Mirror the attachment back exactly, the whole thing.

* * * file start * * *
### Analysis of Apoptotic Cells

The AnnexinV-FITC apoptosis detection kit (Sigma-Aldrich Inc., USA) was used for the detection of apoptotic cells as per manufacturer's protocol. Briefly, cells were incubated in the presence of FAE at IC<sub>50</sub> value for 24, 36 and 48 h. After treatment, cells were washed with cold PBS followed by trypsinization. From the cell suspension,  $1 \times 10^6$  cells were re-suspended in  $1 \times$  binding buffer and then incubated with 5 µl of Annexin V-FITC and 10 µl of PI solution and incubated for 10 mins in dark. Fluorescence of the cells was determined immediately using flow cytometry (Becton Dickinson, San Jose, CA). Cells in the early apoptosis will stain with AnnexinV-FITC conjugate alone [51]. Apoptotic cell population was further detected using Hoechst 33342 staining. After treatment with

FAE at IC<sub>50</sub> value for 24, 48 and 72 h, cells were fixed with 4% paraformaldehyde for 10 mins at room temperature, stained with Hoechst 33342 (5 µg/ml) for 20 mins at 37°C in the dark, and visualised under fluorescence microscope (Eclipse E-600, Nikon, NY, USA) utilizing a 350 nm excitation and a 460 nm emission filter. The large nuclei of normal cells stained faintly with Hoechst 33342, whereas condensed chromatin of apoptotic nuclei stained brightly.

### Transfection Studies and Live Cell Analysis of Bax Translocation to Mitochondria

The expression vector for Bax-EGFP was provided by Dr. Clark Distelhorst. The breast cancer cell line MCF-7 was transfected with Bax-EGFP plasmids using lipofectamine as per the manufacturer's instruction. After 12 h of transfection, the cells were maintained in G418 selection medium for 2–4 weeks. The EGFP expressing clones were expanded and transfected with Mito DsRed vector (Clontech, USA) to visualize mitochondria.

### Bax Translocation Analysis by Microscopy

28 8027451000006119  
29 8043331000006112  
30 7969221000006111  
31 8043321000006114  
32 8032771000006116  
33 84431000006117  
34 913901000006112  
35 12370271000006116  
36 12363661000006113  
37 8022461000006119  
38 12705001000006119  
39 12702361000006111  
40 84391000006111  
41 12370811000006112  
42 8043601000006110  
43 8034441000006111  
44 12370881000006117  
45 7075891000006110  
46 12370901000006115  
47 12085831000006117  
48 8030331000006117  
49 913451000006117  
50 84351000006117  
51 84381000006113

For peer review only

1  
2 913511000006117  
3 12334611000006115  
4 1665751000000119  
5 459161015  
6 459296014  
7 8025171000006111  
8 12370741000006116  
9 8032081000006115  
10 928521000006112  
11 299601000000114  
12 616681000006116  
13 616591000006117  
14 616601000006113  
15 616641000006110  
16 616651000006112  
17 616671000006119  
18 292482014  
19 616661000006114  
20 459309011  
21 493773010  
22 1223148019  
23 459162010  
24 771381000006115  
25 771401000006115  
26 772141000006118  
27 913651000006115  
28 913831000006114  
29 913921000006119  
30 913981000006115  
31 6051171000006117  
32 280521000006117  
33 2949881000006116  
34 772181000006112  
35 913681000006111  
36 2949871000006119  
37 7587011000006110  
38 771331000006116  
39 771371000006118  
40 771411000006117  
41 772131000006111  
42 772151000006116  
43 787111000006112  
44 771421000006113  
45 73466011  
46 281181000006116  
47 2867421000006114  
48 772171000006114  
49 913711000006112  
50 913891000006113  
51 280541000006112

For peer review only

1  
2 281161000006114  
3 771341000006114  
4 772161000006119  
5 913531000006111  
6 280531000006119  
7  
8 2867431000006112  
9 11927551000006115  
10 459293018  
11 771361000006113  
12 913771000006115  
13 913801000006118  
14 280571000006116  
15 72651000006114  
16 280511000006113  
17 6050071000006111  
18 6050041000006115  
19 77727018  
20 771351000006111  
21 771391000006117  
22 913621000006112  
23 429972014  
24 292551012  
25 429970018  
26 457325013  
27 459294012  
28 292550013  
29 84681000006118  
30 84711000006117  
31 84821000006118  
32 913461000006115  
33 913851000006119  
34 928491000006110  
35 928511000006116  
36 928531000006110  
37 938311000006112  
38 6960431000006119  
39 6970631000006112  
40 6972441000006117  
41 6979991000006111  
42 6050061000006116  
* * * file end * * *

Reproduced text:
### Analysis of Apoptotic Cells

The AnnexinV-FITC apoptosis detection kit (Sigma-Aldrich Inc., USA) was used for the detection of apoptotic cells as per manufacturer's protocol. Briefly, cells were incubated in the presence of FAE at IC<sub>50</sub> value for 24, 36 and 48 h. After treatment, cells were washed with cold PBS followed by trypsinization. From the cell suspension,  $1 \times 10^6$  cells were re-suspended in  $1 \times$  binding buffer and then incubated with 5 µl of Annexin V-FITC and 10 µl of PI solution and incubated for 10 mins in dark. Fluorescence of the cells was determined immediately using flow cytometry (Becton Dickinson, San Jose, CA). Cells in the early apoptosis will stain with AnnexinV-FITC conjugate alone [51]. Apoptotic cell population was further detected using Hoechst 33342 staining. After treatment with

FAE at IC<sub>50</sub> value for 24, 48 and 72 h, cells were fixed with 4% paraformaldehyde for 10 mins at room temperature, stained with Hoechst 33342 (5 µg/ml) for 20 mins at 37°C in the dark, and visualised under fluorescence microscope (Eclipse E-600, Nikon, NY, USA) utilizing a 350 nm excitation and a 460 nm emission filter. The large nuclei of normal cells stained faintly with Hoechst 33342, whereas condensed chromatin of apoptotic nuclei stained brightly.

### Transfection Studies and Live Cell Analysis of Bax Translocation to Mitochondria

The expression vector for Bax-EGFP was provided by Dr. Clark Distelhorst. The breast cancer cell line MCF-7 was transfected with Bax-EGFP plasmids using lipofectamine as per the manufacturer's instruction. After 12 h of transfection, the cells were maintained in G418 selection medium for 2–4 weeks. The EGFP expressing clones were expanded and transfected with Mito DsRed vector (Clontech, USA) to visualize mitochondria.

### Bax Translocation Analysis by Microscopy

28 8027451000006119  
29 8043331000006112  
30 7969221000006111  
31 8043321000006114  
32 8032771000006116  
33 84431000006117  
34 913901000006112  
35 12370271000006116  
36 12363661000006113  
37 8022461000006119  
38 12705001000006119  
39 12702361000006111  
40 84391000006111  
41 12370811000006112  
42 8043601000006110  
43 8034441000006111  
44 12370881000006117  
45 7075891000006110  
46 12370901000006115  
47 12085831000006117  
48 8030331000006117  
49 913451000006117  
50 84351000006117  
51 84381000006113

For peer review only

1  
2 913511000006117  
3 12334611000006115  
4 1665751000000119  
5 459161015  
6 459296014  
7 8025171000006111  
8 12370741000006116  
9 8032081000006115  
10 928521000006112  
11 299601000000114  
12 616681000006116  
13 616591000006117  
14 616601000006113  
15 616641000006110  
16 616651000006112  
17 616671000006119  
18 292482014  
19 616661000006114  
20 459309011  
21 493773010  
22 1223148019  
23 459162010  
24 771381000006115  
25 771401000006115  
26 772141000006118  
27 913651000006115  
28 913831000006114  
29 913921000006119  
30 913981000006115  
31 6051171000006117  
32 280521000006117  
33 2949881000006116  
34 772181000006112  
35 913681000006111  
36 2949871000006119  
37 7587011000006110  
38 771331000006116  
39 771371000006118  
40 771411000006117  
41 772131000006111  
42 772151000006116  
43 787111000006112  
44 771421000006113  
45 73466011  
46 281181000006116  
47 2867421000006114  
48 772171000006114  
49 913711000006112  
50 913891000006113  
51 280541000006112

For peer review only

1  
2 281161000006114  
3 771341000006114  
4 772161000006119  
5 913531000006111  
6 280531000006119  
7  
8 2867431000006112  
9 11927551000006115  
10 459293018  
11 771361000006113  
12 913771000006115  
13 913801000006118  
14 280571000006116  
15 72651000006114  
16 280511000006113  
17 6050071000006111  
18 6050041000006115  
19 77727018  
20 771351000006111  
21 771391000006117  
22 913621000006112  
23 429972014  
24 292551012  
25 429970018  
26 457325013  
27 459294012  
28 292550013  
29 84681000006118  
30 84711000006117  
31 84821000006118  
32 913461000006115  
33 913851000006119  
34 928491000006110  
35 928511000006116  
36 928531000006110  
37 938311000006112  
38 6960431000006119  
39 6970631000006112  
40 6972441000006117  
41 6979991000006111  
42 6050061000006116  